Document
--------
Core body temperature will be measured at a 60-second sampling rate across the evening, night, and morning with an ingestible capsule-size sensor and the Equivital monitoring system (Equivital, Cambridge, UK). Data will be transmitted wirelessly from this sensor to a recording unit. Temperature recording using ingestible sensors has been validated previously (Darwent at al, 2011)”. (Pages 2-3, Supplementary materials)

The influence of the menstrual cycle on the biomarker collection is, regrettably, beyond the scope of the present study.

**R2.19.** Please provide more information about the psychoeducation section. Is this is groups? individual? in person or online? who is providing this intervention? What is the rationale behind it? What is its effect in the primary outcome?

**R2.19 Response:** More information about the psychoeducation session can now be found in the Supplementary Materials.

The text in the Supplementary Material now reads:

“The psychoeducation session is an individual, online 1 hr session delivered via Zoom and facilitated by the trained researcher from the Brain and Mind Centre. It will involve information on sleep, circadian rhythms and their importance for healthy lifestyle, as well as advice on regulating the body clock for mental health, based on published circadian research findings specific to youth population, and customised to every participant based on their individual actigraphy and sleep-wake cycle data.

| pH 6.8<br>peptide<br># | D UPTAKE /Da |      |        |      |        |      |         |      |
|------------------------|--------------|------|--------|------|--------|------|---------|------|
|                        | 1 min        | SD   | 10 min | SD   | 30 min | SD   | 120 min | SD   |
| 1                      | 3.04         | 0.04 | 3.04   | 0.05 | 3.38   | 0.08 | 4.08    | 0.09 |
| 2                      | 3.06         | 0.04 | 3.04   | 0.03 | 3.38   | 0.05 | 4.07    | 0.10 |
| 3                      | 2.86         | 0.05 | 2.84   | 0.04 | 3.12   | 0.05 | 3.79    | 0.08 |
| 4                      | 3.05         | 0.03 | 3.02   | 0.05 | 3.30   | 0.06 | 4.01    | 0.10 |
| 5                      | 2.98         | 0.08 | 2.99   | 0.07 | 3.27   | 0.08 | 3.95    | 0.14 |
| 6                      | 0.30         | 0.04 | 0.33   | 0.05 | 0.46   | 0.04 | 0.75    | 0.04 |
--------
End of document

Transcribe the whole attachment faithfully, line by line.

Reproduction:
Core body temperature will be measured at a 60-second sampling rate across the evening, night, and morning with an ingestible capsule-size sensor and the Equivital monitoring system (Equivital, Cambridge, UK). Data will be transmitted wirelessly from this sensor to a recording unit. Temperature recording using ingestible sensors has been validated previously (Darwent at al, 2011)”. (Pages 2-3, Supplementary materials)

The influence of the menstrual cycle on the biomarker collection is, regrettably, beyond the scope of the present study.

**R2.19.** Please provide more information about the psychoeducation section. Is this is groups? individual? in person or online? who is providing this intervention? What is the rationale behind it? What is its effect in the primary outcome?

**R2.19 Response:** More information about the psychoeducation session can now be found in the Supplementary Materials.

The text in the Supplementary Material now reads:

“The psychoeducation session is an individual, online 1 hr session delivered via Zoom and facilitated by the trained researcher from the Brain and Mind Centre. It will involve information on sleep, circadian rhythms and their importance for healthy lifestyle, as well as advice on regulating the body clock for mental health, based on published circadian research findings specific to youth population, and customised to every participant based on their individual actigraphy and sleep-wake cycle data.

| pH 6.8<br>peptide<br># | D UPTAKE /Da |      |        |      |        |      |         |      |
|------------------------|--------------|------|--------|------|--------|------|---------|------|
|                        | 1 min        | SD   | 10 min | SD   | 30 min | SD   | 120 min | SD   |
| 1                      | 3.04         | 0.04 | 3.04   | 0.05 | 3.38   | 0.08 | 4.08    | 0.09 |
| 2                      | 3.06         | 0.04 | 3.04   | 0.03 | 3.38   | 0.05 | 4.07    | 0.10 |
| 3                      | 2.86         | 0.05 | 2.84   | 0.04 | 3.12   | 0.05 | 3.79    | 0.08 |
| 4                      | 3.05         | 0.03 | 3.02   | 0.05 | 3.30   | 0.06 | 4.01    | 0.10 |
| 5                      | 2.98         | 0.08 | 2.99   | 0.07 | 3.27   | 0.08 | 3.95    | 0.14 |
| 6                      | 0.30         | 0.04 | 0.33   | 0.05 | 0.46   | 0.04 | 0.75    | 0.04 |